The Beauty of Sri Lanka

Sri Lanka is is a colorful country with a rich culture and history.

Sri Lanka

When discussing our suppliers with our customers, we found that many of them are curious and intrigued by Sri Lanka. Despite a vague awareness of this exotic island-state, many have admitted that they do not know much about Sri Lanka, or even where it is. This made us realize that we should write a blog post about this beautiful tropical country to go over some broad details about its history and culture. We know that many searching for natural latex mattresses come across foam from Sri Lanka and want to know more about the country.

Sri Lanka used to be called Ceylon when it was under colonial European rule. Many are aware of "Ceylon Tea" which comes from Sri Lanka. It is an island, slightly larger in area than West Virginia, and it is very close to the Southeast border of India. It’s so close to India, in fact, that there is an old myth saying that you used to be able to walk all the way to India from Sri Lanka along a narrow land bridge. Sri Lanka’s largest export is Ceylon tea, but it also exports gemstones, cinnamon, and of course, latex!

Sri Lanka was ruled by various dynasties over the last several thousand years. Buddhism arrived in 250 BC and spread rapidly. The introduction of Buddhism affected the country dramatically and the religion is still practiced by the majority of people in Sri Lanka today. The teachings of the Buddha were first put into writing in Sri Lanka after being preserved orally for around 450 years. This was an incredibly important event in Buddhist history.

The Sigiriya Rock Fortress is one of UNESCO’s World Heritage Sites. Elaborate aqueducts and intricate dams were also built on the site.

Golden temple in Dambulla
Dambulla Cave Temple - Dambulla, Sri Lanka
Diyaluma Falls
Diyaluma Falls - Koslanda, Sri Lanka

Sri Lanka is also the first country in the world to build a hospital. Sri Lanka was at the height of its medieval power between 1100 and 1200 AD. Sri Lanka also has a long history of colonization by European countries. It was an important link in the Silk Road, making it very appealing to European colonial powers. The Portuguese were the first Europeans to colonize Sri Lanka, from the early 1500’s to the early 1600’s. The Dutch attacked in 1638 and controlled the country by 1660. They maintained control for many years, until the British took over in a series of violent military campaigns between 1796 and 1818. Coffee was one of the main exports when the British occupied the country, until a disease killed the coffee plants. Coffee was replaced with tea, and in the twentieth century, rubber plantations were established as well. Sri Lanka achieved independence from all the British on February 4, 1948, but the industries left there remain very important to Sri Lanka today.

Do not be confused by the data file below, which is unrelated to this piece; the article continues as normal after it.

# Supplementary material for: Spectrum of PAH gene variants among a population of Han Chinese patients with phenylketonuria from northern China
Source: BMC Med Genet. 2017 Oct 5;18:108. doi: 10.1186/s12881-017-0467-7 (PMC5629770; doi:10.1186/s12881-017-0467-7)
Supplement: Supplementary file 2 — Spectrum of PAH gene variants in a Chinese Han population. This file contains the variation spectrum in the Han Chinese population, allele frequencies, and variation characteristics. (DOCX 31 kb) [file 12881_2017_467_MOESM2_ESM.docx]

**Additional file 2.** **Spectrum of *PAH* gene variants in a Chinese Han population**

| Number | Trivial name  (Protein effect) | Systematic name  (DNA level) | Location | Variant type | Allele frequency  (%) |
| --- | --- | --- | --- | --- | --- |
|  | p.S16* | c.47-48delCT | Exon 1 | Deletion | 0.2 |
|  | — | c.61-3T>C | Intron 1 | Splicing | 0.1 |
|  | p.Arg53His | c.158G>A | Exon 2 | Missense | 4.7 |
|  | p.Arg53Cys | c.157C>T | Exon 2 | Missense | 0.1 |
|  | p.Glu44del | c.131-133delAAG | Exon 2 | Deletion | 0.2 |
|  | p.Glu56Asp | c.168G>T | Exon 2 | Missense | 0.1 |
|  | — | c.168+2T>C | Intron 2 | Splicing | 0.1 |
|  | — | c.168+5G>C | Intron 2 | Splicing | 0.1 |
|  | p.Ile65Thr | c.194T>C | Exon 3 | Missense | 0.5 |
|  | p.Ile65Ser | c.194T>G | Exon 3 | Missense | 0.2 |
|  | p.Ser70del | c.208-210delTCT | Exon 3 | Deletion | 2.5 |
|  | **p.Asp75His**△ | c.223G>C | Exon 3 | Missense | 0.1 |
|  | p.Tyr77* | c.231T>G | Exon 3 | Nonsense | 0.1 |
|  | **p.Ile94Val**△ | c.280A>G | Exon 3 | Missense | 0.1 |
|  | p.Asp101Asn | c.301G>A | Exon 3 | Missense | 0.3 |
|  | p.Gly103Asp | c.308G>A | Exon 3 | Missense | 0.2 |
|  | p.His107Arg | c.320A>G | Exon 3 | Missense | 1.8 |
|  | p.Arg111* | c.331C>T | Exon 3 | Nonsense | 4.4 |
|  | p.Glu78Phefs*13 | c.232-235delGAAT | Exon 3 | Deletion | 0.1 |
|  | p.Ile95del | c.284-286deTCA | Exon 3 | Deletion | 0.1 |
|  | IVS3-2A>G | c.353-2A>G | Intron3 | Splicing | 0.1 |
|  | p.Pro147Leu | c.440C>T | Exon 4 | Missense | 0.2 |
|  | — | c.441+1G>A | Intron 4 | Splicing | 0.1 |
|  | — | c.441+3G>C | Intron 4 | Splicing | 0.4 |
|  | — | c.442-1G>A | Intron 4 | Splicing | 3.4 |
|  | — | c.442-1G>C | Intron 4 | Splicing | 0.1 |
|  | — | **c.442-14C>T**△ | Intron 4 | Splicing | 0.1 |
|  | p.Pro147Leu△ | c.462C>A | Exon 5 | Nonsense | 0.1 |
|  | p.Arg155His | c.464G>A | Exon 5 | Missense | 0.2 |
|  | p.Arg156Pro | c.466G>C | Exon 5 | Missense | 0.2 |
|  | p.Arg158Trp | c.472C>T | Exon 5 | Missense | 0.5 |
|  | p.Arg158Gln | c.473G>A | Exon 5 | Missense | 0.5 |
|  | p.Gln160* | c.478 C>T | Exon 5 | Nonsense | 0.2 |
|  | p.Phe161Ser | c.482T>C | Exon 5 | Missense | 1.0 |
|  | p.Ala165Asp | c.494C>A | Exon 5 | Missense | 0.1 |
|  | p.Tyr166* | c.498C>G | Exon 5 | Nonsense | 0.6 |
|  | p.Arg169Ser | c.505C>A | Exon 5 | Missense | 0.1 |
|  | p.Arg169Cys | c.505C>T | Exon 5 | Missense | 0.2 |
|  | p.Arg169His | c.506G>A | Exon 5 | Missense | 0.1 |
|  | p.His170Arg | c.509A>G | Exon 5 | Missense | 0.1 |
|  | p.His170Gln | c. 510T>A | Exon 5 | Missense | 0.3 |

Sri Lanka has endured great hardship recently, most notably in the form of a 26-year long civil war that lasted from 1983 to 2009. It was also affected by the Indian Ocean tsunami in 2004, which killed 35,322 people in Sri Lanka and displaced 516,150. The recovery process for both of these events has taken a long time, and in many ways is still happening. Financial struggles in 2022 have resulted in renewed difficulties for the country. Although the country has faced several hardships it boasts the highest Human Development Index rating of any country in South Asia. It also has the highest biodiversity density in Asia.

We are proud to source from Sri Lanka and consider ourselves lucky to have experienced the beauty of the country. We are optimistic about the future of Sri Lanka and look forward to sourcing from the country for many years to come.

More stories

The Customer Experience

We combine friendly policies with reliable customer service to create great customer experiences.

box icon

Same Day Shipping

Orders placed on business days before 3 PM CST Monday-Friday ship out the same day.

Read Shipping FAQs speech bubble icon

Customer Support

Customer Support agents are available to help six days a week.

Reach Out return arrow icon

Free Returns

All of our products can be returned for free, no questions asked.

See our Full Return Policy